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‘Justice Reinvestment’ Children’s Conference – a Resource Most Precious Thursday 28 th November 2013 Edith Cowan University, Joondalup, Western Australia.

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Presentation on theme: "‘Justice Reinvestment’ Children’s Conference – a Resource Most Precious Thursday 28 th November 2013 Edith Cowan University, Joondalup, Western Australia."— Presentation transcript:

1 ‘Justice Reinvestment’ Children’s Conference – a Resource Most Precious Thursday 28 th November 2013 Edith Cowan University, Joondalup, Western Australia Presented by Tammy Solonec Director, Chamber 3

2 The Experience – from an Aboriginal and Torres Strait Islander perspective

3 The Experience (Nationally) Nationally, Aboriginal and Torres Strait Islander people are 15 times more likely to be incarcerated people are 23 times more likely to be hospitalised for assault women are 35 times more likely more likely to be hospitalised for assault youth are 24 times more likely to be in detention children are 10 times more likely to be a ward of the state (currently making up 33% of all kids in care)

4 Adult Imprisonment by Indigeneity

5 The Experience (WA) In Western Australia, Aboriginal and Torres Strait Islander people made up 39.9% of the prison population (1981 inmates) youth made up 78.8% of juvenile incarceration youth made up 81% of Juvenile Justice Orders children made up 45% of those in protective care “There are clear links between children in child protection, becoming youth in juvenile detention, becoming adults in prison.”

6 Underlying Causal Factors Historical Reasons, for example see: The 1991 Royal Commission into Aboriginal Deaths in Custody; The 1995 ‘Bringing Them Home’ Report on the National Inquiry into the Separation of Aboriginal and Torres Strait Islander Children from Their Families; and The 2010 Australian Country Report of the Special Rapporteur on the Rights of Indigenous Peoples, James Anaya. Multiple Contemporary Disadvantage, including overrepresentation in regards to substance abuse, auditory hearing loss, cognitive and/or mental disability, low literacy levels, family or domestic violence, being a ward of the state; and being poor. Disproportionate impact of a ‘tough on crime’ approach to justice including mandatory sentencing, targeting, overregulation and discrimination by law makers and law enforcers.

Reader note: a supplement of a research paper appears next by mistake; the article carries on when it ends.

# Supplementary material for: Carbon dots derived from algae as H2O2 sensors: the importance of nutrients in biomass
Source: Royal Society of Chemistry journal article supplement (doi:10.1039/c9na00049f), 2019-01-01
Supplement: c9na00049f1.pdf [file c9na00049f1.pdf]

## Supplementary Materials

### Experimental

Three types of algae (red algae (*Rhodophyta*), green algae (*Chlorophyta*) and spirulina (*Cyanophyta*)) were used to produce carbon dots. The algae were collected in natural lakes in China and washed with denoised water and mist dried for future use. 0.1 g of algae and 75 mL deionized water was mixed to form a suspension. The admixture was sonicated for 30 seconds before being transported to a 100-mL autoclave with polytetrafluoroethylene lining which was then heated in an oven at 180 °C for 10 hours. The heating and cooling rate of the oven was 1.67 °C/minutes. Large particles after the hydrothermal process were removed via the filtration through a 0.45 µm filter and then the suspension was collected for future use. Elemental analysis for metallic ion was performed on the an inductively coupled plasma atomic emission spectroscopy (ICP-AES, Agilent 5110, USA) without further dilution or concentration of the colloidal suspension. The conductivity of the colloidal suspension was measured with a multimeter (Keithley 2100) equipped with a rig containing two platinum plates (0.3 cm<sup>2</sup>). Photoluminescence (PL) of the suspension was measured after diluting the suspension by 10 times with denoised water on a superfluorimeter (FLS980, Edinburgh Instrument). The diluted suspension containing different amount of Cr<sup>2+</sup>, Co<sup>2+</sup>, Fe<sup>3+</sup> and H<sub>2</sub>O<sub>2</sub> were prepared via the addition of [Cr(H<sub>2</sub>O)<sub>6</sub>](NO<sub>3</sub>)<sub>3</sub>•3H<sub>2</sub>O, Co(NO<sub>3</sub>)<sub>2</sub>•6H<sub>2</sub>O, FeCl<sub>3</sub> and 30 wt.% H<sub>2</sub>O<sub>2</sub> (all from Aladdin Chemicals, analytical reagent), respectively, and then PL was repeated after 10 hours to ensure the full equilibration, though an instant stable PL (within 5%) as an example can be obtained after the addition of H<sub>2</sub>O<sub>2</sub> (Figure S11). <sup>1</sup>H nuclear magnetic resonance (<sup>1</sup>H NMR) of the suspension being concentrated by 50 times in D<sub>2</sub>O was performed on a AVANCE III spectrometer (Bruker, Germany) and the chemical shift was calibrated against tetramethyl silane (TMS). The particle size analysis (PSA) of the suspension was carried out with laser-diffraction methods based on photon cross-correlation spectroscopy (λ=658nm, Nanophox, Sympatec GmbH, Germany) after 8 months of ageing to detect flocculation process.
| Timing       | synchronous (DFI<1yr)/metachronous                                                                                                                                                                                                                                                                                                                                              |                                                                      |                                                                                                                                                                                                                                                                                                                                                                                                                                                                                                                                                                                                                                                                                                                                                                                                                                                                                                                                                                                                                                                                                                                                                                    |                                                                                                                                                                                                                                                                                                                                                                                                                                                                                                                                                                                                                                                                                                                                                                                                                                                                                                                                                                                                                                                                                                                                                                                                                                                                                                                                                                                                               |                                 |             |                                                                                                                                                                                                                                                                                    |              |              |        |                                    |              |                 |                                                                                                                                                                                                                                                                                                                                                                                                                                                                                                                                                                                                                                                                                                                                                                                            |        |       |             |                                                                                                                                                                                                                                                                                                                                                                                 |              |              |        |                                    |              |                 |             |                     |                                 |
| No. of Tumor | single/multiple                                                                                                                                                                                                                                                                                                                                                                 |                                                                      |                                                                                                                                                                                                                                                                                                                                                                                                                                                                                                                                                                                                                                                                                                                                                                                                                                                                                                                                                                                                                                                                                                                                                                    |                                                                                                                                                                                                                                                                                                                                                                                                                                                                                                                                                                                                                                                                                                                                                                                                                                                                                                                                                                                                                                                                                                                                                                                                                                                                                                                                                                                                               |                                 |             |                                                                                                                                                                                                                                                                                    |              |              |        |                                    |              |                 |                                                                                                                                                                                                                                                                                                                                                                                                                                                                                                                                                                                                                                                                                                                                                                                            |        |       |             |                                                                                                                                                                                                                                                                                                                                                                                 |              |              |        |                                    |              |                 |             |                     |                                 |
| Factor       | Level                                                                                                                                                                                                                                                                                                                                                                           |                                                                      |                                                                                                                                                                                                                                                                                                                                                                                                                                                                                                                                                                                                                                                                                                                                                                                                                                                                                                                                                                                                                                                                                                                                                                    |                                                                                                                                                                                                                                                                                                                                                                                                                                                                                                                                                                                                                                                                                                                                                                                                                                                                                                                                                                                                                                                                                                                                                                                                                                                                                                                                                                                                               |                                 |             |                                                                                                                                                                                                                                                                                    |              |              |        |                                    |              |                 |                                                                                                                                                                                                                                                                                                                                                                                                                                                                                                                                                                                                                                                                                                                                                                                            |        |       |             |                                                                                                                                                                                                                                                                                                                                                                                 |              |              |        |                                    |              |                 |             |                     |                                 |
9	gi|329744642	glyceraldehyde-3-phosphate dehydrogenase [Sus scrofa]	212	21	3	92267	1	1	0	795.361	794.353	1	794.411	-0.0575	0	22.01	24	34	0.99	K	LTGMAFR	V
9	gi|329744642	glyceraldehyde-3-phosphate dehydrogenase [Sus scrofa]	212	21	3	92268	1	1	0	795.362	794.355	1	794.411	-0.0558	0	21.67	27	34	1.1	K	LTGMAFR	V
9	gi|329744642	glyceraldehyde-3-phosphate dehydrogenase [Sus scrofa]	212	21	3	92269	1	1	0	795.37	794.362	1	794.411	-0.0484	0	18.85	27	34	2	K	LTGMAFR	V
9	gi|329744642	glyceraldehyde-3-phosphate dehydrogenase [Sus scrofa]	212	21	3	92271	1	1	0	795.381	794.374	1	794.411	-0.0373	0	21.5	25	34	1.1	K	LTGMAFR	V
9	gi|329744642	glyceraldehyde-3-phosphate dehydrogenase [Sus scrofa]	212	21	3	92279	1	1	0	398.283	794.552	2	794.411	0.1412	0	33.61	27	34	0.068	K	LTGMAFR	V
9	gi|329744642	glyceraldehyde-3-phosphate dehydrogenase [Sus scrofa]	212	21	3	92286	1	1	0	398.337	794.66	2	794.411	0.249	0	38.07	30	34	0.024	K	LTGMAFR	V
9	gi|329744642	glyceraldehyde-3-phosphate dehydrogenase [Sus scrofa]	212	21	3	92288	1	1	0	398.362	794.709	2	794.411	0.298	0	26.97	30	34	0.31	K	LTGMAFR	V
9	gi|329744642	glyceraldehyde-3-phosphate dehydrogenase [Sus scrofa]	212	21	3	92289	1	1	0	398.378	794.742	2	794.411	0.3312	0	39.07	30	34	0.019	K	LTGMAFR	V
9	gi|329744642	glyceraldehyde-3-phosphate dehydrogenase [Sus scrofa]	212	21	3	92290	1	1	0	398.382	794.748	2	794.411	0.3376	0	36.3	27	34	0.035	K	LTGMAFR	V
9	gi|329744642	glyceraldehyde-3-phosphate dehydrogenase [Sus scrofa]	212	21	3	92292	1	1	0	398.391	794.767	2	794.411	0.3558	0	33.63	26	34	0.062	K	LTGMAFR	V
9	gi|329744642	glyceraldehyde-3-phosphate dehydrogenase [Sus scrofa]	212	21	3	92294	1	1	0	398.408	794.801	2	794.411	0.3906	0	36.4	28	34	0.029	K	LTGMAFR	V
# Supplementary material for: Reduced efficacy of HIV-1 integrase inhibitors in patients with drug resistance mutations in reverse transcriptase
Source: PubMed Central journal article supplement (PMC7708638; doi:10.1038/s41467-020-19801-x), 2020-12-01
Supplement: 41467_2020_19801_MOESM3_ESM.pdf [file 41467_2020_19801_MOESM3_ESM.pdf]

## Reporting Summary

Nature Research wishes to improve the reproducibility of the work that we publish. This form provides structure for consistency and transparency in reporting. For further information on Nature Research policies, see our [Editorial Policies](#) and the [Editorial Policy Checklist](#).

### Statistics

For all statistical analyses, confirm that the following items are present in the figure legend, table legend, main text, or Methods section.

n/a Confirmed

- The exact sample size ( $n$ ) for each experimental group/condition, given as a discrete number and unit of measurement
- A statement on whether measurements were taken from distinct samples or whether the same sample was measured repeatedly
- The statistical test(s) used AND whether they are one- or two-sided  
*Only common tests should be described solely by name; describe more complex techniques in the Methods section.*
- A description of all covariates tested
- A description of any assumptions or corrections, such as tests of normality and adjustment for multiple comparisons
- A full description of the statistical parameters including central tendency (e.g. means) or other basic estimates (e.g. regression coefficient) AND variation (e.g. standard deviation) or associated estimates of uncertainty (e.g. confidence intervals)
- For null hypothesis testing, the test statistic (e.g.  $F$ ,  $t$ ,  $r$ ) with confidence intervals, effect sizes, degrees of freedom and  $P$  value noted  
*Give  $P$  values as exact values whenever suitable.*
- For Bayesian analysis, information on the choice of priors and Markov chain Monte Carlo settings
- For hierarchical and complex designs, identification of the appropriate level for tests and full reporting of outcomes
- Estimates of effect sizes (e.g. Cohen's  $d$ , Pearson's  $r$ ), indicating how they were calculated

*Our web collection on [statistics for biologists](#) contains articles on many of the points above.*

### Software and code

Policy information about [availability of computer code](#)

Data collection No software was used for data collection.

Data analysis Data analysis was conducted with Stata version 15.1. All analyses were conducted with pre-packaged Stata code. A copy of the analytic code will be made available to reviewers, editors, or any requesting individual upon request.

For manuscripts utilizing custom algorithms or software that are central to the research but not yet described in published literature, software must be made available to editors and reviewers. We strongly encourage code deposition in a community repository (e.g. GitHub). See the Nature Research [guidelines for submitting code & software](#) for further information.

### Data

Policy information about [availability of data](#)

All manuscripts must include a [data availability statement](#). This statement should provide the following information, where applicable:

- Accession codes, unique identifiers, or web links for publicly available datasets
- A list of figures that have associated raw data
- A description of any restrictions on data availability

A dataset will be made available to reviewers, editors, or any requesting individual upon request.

7 Targeting the Vulnerable The following groups of people are overrepresented in the criminal justice system: those affected by substance abuse; those with auditory hearing loss; those with a cognitive and/or mental disability (including foetal alcohol disorder syndrome); those who have received limited formal education; those who have been the victim of family or domestic violence; those who were a ward of the state (including members of the Stolen Generations); those who are poor.

8 What is Justice Reinvestment?

9 Justice Reinvestment in the USA Emerged in USA in 2003 George Soros Open Society Institute, in a 2003 report entitled “Ideas for an Open Society: Justice Reinvestment" Coordinated by the Justice Center, an organisation within the Council of State Governments, a national nonprofit organisation that serves policymakers at the local, state, and federal levels from all branches of government Consider the Texas experience: Jerry Madden, former Chairman of the Texas House of Representatives Corrections Committee and Senior Fellow with Right On Crime discusses how investment in crime prevention has worked in Dallas, Texas (10 minute video)